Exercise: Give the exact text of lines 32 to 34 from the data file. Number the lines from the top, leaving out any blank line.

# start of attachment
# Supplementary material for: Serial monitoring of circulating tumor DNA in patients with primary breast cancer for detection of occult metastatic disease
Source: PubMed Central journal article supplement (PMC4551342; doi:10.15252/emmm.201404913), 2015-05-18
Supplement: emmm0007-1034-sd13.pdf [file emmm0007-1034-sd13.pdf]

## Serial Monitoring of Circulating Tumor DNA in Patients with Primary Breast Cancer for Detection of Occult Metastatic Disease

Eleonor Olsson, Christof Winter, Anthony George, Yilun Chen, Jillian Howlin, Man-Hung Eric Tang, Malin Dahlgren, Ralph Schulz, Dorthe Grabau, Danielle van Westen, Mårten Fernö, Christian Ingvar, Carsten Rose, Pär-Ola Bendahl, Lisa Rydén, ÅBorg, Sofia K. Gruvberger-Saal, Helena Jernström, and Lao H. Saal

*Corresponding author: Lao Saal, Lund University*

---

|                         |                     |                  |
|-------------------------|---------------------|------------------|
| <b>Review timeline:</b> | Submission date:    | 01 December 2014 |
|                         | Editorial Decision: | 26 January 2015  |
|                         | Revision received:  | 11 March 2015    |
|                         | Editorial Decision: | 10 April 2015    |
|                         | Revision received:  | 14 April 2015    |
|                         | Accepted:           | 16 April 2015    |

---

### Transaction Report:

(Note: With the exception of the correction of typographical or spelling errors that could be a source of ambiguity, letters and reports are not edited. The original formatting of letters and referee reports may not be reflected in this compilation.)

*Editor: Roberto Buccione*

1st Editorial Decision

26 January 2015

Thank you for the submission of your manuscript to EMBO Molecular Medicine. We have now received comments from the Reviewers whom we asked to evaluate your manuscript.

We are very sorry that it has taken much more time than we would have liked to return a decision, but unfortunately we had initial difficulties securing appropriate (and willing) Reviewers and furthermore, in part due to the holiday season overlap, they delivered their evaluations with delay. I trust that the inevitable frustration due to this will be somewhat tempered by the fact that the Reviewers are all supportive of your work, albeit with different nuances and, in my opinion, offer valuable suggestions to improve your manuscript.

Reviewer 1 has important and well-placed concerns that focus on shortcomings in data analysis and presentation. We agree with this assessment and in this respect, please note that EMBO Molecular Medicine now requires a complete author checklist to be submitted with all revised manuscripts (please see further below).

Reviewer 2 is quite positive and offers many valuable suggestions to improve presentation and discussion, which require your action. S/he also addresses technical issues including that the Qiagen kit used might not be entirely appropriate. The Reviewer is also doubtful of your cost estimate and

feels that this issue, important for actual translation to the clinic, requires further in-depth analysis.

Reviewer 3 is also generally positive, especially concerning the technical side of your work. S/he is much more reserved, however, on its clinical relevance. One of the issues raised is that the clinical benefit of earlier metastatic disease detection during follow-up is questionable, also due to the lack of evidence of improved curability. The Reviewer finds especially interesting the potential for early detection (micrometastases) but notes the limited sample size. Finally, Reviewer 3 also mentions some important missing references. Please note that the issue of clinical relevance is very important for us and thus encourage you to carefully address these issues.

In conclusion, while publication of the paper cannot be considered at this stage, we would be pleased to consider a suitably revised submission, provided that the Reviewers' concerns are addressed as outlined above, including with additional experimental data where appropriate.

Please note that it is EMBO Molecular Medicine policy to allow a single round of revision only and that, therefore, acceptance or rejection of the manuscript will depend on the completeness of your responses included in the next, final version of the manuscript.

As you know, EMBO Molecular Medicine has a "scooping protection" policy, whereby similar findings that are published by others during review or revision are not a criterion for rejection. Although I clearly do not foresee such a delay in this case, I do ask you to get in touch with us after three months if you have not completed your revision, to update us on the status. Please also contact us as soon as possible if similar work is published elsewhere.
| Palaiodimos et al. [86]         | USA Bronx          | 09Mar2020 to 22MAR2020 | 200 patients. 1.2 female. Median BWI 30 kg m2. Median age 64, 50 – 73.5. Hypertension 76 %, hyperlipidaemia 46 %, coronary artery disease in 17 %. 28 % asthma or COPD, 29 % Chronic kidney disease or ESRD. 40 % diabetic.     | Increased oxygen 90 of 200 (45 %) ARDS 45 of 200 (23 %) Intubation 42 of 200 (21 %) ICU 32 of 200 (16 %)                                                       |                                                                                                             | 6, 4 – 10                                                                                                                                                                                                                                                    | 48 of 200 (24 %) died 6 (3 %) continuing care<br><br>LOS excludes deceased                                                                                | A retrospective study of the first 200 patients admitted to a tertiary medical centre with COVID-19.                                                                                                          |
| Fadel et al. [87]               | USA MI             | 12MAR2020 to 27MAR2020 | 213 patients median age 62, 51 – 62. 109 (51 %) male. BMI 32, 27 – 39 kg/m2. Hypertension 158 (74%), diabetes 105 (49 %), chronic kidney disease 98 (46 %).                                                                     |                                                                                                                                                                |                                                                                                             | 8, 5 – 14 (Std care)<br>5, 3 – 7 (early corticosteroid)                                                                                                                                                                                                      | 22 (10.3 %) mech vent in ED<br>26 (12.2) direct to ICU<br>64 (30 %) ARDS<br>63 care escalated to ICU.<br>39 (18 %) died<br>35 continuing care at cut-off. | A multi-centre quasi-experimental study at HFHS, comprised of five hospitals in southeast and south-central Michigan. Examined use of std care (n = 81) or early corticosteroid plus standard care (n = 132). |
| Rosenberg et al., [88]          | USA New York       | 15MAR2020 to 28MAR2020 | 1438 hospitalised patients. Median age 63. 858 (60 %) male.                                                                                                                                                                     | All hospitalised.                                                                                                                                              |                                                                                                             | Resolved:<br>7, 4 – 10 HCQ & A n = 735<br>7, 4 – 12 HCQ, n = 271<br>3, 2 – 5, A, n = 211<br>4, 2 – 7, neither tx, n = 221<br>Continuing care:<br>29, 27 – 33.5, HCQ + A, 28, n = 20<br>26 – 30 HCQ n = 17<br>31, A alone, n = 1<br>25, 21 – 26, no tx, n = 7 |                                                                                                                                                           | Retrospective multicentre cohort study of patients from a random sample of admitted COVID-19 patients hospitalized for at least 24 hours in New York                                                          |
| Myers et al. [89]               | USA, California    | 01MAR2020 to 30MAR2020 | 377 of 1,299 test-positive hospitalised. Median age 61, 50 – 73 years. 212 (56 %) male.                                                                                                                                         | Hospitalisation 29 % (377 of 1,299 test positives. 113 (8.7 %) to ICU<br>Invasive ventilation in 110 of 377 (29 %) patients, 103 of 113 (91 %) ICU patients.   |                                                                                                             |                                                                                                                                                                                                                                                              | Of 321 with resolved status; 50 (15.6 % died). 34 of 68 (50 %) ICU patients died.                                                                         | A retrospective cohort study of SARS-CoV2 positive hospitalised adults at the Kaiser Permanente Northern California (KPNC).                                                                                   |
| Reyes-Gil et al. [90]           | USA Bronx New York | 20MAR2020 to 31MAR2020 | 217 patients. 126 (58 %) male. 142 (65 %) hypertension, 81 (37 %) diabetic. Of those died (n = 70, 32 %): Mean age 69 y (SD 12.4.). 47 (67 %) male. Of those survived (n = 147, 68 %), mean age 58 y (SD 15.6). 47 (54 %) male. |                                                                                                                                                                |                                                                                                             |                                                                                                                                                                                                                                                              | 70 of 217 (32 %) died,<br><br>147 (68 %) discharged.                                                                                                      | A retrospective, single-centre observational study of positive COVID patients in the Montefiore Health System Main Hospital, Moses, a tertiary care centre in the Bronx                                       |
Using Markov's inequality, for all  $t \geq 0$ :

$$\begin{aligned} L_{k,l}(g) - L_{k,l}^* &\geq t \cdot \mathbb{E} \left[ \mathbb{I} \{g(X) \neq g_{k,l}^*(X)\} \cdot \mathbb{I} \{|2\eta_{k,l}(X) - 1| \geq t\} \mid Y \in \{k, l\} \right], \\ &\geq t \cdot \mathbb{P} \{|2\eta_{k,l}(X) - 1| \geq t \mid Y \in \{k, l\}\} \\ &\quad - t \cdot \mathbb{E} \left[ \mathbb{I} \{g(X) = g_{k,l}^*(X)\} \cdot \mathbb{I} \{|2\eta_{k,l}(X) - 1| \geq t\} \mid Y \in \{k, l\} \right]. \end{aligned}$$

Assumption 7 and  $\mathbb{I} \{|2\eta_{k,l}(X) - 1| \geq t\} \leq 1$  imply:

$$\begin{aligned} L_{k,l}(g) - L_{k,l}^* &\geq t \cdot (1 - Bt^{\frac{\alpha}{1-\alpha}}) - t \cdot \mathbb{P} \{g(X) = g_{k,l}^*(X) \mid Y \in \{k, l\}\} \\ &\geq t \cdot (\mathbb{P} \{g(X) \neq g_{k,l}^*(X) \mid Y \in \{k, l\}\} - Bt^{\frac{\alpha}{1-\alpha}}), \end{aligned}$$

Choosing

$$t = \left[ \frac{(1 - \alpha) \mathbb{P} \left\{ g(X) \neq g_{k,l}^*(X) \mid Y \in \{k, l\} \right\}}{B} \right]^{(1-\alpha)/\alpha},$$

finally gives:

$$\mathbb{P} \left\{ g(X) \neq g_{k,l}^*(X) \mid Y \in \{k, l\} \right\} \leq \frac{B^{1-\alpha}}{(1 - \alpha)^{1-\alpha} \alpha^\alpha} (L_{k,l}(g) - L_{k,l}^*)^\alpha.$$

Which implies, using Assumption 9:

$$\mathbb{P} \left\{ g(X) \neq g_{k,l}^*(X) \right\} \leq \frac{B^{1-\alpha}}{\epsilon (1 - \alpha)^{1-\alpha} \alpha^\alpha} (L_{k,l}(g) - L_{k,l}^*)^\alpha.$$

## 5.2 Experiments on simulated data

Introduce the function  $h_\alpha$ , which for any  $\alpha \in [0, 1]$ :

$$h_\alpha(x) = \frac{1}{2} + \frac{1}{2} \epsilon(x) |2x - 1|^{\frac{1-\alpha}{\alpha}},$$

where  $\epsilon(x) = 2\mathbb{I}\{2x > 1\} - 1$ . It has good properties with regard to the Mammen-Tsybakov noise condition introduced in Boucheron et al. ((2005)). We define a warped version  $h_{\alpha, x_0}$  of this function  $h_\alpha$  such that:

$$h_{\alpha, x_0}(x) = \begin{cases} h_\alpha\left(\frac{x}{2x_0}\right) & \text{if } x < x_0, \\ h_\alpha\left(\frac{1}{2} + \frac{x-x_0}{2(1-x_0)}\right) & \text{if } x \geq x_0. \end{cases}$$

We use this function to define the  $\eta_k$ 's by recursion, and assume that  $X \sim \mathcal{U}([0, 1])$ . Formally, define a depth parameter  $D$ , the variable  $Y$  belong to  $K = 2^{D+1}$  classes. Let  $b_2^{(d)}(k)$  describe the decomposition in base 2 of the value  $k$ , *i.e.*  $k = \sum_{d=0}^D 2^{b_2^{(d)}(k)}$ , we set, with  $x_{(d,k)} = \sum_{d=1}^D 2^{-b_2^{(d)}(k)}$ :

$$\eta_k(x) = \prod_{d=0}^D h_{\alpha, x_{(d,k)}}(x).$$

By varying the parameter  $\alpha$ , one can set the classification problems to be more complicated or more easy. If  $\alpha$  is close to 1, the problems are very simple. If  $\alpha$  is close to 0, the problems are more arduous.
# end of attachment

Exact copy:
| Fadel et al. [87]               | USA MI             | 12MAR2020 to 27MAR2020 | 213 patients median age 62, 51 – 62. 109 (51 %) male. BMI 32, 27 – 39 kg/m2. Hypertension 158 (74%), diabetes 105 (49 %), chronic kidney disease 98 (46 %).                                                                     |                                                                                                                                                                |                                                                                                             | 8, 5 – 14 (Std care)<br>5, 3 – 7 (early corticosteroid)                                                                                                                                                                                                      | 22 (10.3 %) mech vent in ED<br>26 (12.2) direct to ICU<br>64 (30 %) ARDS<br>63 care escalated to ICU.<br>39 (18 %) died<br>35 continuing care at cut-off. | A multi-centre quasi-experimental study at HFHS, comprised of five hospitals in southeast and south-central Michigan. Examined use of std care (n = 81) or early corticosteroid plus standard care (n = 132). |
| Rosenberg et al., [88]          | USA New York       | 15MAR2020 to 28MAR2020 | 1438 hospitalised patients. Median age 63. 858 (60 %) male.                                                                                                                                                                     | All hospitalised.                                                                                                                                              |                                                                                                             | Resolved:<br>7, 4 – 10 HCQ & A n = 735<br>7, 4 – 12 HCQ, n = 271<br>3, 2 – 5, A, n = 211<br>4, 2 – 7, neither tx, n = 221<br>Continuing care:<br>29, 27 – 33.5, HCQ + A, 28, n = 20<br>26 – 30 HCQ n = 17<br>31, A alone, n = 1<br>25, 21 – 26, no tx, n = 7 |                                                                                                                                                           | Retrospective multicentre cohort study of patients from a random sample of admitted COVID-19 patients hospitalized for at least 24 hours in New York                                                          |
| Myers et al. [89]               | USA, California    | 01MAR2020 to 30MAR2020 | 377 of 1,299 test-positive hospitalised. Median age 61, 50 – 73 years. 212 (56 %) male.                                                                                                                                         | Hospitalisation 29 % (377 of 1,299 test positives. 113 (8.7 %) to ICU<br>Invasive ventilation in 110 of 377 (29 %) patients, 103 of 113 (91 %) ICU patients.   |                                                                                                             |                                                                                                                                                                                                                                                              | Of 321 with resolved status; 50 (15.6 % died). 34 of 68 (50 %) ICU patients died.                                                                         | A retrospective cohort study of SARS-CoV2 positive hospitalised adults at the Kaiser Permanente Northern California (KPNC).                                                                                   |